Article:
And it’s not just the architecture — there’s great maritime history as well. Tall ships such as the Kalmar Nyckel sail out of Wilmington and New Castle to take you on a historic cruise of Delaware Bay. The Kalmar Nyckel is a seagoing recreation of a 17th-century Dutch ship, and if your grandchildren are with you, they’ll certainly enjoy the pirate-themed events onboard.
7. White Clay Creek State Park
At the very northwestern corner of Delaware, near the Pennsylvania and Maryland state lines, you’ll find White Clay Creek State Park. Most of the locations I’ve listed above are near the Atlantic Ocean and Delaware Bay, but this park is on the other side of the state, near the spot where Maryland, Pennsylvania, and Delaware converge.
History buffs will love that the Mason-Dixon Line runs right through White Clay Creek State Park, with the famous corner marking the beginning of the arc located within the park. From time to time during the year, a local historian will take people on a tour of what might be the most famous surveyed line in history.
The park also offers a number of activities, from hiking to biking to a tour of a historic mansion. If you’ve spent a lot of time at the beach on your Delaware getaway, this is a nice, relaxing alternative to get away into the rolling hills near Pennsylvania.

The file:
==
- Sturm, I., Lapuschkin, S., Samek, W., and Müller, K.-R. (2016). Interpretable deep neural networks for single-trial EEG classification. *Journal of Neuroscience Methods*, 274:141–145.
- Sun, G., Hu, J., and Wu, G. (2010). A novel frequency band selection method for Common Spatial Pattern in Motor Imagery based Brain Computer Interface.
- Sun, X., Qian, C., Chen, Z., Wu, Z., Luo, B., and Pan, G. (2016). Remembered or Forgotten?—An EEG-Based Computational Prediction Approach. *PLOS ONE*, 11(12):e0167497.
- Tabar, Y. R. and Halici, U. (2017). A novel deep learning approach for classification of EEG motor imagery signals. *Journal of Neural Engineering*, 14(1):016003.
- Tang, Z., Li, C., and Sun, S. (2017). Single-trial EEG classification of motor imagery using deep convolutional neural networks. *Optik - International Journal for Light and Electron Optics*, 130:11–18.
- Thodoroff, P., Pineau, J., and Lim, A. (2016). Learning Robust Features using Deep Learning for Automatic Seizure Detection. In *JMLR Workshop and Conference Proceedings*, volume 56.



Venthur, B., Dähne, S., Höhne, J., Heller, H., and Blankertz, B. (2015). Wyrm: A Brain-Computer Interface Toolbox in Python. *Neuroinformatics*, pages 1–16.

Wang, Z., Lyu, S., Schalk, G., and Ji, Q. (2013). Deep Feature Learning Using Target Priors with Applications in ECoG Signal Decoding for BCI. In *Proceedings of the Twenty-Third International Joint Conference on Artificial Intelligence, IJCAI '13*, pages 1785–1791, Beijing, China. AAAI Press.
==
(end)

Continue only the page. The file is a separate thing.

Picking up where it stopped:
8. Fenwick Island
We’ll close with yet another beach location. The Atlantic Coast portion of Delaware isn’t long, but it does have several different oceanfront opportunities. One of those is Fenwick Island, just south of Bethany Beach.
Located right on the Maryland-Delaware border, Fenwick Island is sometimes considered just an extension of Ocean City, Maryland, and its unending surf shops and condo towers. But there’s much more to experience on Fenwick Island.
The Discoversea Shipwreck Museum provides an interesting look at shipwreck history. You can rent a kayak and explore Little Assawoman Bay and its wildlife refuge. Fenwick Island State Park is there as well, if you want to explore a state park right on the beach.
Or, like many have discovered when visiting this part of Delaware, you can explore mile after mile of Atlantic Ocean beach.